5 Family Prayer Ruts and How to Get Out of Them

Prayer Rut

A couple of months ago, my mom injured her back. I started praying with the kids each day that grandma’s back would heal. In a few days, she was much better. I hadn’t yet mentioned it to the kids, however, so they continued to pray for her.

Nathan (praying): “Please help grandma’s back to feel better.”

Me (after the prayer): Nathan, grandma’s back is better now! God answered our prayers. We don’t need to keep praying for her.

Fast forward a couple of days.

Nathan (praying): “Please help grandma’s back to feel better.”

Me (after the prayer): Nathan, remember, grandma’s back is better now! We don’t need to keep praying about it.

This happened several more times. I couldn’t figure out why Nathan didn’t understand we were “done” praying about grandma’s back. With more reflection, however, I realized there was no closure to our prayer request. We asked, asked, asked, then received, and we were done.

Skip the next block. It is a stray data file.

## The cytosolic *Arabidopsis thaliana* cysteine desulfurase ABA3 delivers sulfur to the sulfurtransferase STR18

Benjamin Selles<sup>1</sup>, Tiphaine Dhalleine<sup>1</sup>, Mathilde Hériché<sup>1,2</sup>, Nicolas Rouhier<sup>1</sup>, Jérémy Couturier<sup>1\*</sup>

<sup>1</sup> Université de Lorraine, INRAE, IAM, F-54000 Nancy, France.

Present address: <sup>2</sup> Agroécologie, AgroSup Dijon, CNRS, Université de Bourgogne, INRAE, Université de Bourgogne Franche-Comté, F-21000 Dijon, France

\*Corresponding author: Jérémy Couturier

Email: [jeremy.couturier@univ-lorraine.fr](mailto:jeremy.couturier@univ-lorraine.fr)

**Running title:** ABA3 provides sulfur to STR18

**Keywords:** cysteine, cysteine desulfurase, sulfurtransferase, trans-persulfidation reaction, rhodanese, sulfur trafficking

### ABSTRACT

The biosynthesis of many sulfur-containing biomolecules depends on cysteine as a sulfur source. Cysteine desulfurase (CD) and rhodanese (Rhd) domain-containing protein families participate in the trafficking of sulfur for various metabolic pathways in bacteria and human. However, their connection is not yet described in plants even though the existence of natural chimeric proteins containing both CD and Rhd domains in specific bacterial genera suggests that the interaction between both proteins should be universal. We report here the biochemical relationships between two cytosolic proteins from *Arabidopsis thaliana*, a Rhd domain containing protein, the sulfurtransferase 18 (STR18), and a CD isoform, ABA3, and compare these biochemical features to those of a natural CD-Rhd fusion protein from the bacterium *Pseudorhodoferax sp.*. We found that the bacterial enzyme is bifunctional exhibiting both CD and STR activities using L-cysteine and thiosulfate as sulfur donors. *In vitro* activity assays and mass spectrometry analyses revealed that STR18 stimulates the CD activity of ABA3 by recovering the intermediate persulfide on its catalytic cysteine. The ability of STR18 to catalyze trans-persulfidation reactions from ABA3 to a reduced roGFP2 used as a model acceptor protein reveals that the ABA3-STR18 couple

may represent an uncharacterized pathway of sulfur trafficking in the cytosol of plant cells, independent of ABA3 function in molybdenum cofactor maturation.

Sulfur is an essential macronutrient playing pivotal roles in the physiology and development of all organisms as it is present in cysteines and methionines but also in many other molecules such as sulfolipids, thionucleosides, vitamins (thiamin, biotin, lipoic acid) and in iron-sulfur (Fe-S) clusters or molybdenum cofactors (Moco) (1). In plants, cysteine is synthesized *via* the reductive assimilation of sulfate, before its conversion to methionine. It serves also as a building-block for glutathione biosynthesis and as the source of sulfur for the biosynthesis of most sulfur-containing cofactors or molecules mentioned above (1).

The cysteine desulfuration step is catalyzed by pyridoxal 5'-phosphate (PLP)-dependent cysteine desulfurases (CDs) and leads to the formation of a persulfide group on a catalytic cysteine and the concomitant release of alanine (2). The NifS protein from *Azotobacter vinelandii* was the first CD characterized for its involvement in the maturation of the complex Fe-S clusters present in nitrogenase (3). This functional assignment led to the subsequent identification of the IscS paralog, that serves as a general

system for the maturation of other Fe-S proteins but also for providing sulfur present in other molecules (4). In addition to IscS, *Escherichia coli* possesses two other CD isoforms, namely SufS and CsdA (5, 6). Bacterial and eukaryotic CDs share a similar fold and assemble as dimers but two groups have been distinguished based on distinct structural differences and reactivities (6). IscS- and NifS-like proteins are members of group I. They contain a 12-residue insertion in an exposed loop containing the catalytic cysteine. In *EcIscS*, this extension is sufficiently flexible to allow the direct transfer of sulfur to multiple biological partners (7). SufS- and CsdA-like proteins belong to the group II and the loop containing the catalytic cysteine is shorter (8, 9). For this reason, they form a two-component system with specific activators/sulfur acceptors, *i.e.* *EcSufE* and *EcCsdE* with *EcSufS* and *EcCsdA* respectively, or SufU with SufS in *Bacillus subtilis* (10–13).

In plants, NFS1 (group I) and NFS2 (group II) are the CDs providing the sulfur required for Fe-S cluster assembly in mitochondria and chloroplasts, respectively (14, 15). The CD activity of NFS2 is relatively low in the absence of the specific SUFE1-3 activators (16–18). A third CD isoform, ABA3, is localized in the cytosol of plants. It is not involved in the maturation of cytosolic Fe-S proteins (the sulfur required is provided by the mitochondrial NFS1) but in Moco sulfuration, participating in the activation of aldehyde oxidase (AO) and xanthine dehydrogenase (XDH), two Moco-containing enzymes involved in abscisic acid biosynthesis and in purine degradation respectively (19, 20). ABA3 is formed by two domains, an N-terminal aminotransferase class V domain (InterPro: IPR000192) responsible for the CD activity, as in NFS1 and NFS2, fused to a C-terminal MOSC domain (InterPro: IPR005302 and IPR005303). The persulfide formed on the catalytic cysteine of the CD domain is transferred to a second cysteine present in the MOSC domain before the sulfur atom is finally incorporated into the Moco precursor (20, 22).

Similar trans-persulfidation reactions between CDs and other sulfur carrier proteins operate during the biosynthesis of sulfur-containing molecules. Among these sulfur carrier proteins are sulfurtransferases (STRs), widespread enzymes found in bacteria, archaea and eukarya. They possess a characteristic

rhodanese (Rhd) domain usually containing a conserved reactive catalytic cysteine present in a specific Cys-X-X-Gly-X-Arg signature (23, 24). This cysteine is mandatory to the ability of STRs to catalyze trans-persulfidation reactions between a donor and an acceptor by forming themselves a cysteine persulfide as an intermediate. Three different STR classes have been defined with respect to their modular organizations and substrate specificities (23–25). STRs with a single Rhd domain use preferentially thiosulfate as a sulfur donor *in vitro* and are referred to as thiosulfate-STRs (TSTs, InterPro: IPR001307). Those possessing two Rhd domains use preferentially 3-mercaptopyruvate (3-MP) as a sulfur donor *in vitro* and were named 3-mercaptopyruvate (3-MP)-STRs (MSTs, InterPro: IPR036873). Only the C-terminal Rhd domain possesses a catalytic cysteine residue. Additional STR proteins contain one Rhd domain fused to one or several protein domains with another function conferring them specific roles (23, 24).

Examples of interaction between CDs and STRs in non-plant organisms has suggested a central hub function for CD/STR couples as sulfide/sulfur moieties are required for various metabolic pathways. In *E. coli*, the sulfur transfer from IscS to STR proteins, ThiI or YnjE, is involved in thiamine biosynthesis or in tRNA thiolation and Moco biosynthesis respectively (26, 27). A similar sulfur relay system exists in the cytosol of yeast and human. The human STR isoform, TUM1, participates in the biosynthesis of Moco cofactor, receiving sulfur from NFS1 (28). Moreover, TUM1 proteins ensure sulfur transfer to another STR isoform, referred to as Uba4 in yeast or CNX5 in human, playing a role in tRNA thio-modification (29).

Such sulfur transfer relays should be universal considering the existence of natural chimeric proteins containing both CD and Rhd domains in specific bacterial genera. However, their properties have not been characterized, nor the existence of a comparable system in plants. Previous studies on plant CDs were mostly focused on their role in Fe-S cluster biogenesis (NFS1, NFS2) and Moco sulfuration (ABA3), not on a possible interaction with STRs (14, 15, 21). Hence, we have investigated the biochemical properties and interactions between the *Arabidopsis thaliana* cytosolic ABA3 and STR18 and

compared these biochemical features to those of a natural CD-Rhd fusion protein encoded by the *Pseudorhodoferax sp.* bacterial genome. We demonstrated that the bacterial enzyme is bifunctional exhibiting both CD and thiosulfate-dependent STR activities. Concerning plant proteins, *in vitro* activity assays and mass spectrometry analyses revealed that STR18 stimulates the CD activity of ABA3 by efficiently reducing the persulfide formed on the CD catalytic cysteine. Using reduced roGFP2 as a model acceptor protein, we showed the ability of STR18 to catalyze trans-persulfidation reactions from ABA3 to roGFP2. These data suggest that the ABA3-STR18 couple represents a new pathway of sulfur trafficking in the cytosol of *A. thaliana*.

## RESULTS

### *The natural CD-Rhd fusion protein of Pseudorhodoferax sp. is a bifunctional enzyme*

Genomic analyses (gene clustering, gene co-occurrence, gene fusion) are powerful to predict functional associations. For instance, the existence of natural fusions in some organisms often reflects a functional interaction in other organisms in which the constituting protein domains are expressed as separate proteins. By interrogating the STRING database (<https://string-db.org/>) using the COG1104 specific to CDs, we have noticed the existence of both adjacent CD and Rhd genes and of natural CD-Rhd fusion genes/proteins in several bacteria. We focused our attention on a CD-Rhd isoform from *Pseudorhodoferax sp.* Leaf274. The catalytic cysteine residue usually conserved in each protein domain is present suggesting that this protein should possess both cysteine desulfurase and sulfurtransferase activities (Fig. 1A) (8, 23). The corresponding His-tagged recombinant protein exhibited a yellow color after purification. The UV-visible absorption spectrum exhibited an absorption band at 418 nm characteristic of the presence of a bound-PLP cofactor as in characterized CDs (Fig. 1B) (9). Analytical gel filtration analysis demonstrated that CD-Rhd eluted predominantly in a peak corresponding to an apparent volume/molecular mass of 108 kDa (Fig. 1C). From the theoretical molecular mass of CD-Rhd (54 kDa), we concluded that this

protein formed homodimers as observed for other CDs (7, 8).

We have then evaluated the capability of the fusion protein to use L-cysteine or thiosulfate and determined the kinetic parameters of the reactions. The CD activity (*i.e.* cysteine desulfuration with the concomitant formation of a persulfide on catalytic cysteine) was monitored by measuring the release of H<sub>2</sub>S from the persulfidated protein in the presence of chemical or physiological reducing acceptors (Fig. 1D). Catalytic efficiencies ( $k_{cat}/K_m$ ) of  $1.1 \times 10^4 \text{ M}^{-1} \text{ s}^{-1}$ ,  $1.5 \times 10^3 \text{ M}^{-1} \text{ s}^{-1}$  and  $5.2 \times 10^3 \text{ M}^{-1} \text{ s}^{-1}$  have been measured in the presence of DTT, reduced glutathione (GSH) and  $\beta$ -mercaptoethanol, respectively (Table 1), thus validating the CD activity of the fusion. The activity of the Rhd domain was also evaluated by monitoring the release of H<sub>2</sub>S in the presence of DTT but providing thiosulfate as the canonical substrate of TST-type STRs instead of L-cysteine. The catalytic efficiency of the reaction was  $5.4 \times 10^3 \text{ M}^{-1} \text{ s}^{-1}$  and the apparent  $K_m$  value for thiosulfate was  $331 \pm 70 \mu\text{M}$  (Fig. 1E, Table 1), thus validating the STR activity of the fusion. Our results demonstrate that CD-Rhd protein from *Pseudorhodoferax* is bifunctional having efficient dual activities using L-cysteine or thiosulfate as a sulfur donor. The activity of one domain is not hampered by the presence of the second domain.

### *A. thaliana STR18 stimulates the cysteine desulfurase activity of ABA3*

Where was the thank you?

The day I realized it, I sat down with the kids and prayed this: “Thank you God for answering our prayers about healing grandma’s back. She is well now and we are grateful that you made her better.” Nathan never prayed about grandma’s back again. The prayer request was made complete by our thanks and acknowledgment. My three-year-old innately knew something was missing in our prayer life that I couldn’t even see.

Sometimes we get so used to praying at certain times or in certain ways that we get firmly entrenched in a prayer rut. It’s important to be mindful of the nature and state of our family’s prayer life because our kids are learning from everything we say, how we say it and when we say it. They are also learning from what we don’t say, as in this example.

Here are five other examples of prayer ruts to consider and solutions for getting out.


1.       Praying as a family only happens at meal time.


What This Can Say To Your Kids: The power and purpose of prayer is limited to specific routine events.

The Problem:  Meal time prayers are often brief, limited in nature to gratitude (for the food) and can often become perfunctory (“Thank you God for the food. Amen.”). If kids only hear meal time prayers, they will not learn to pray in a more personal way.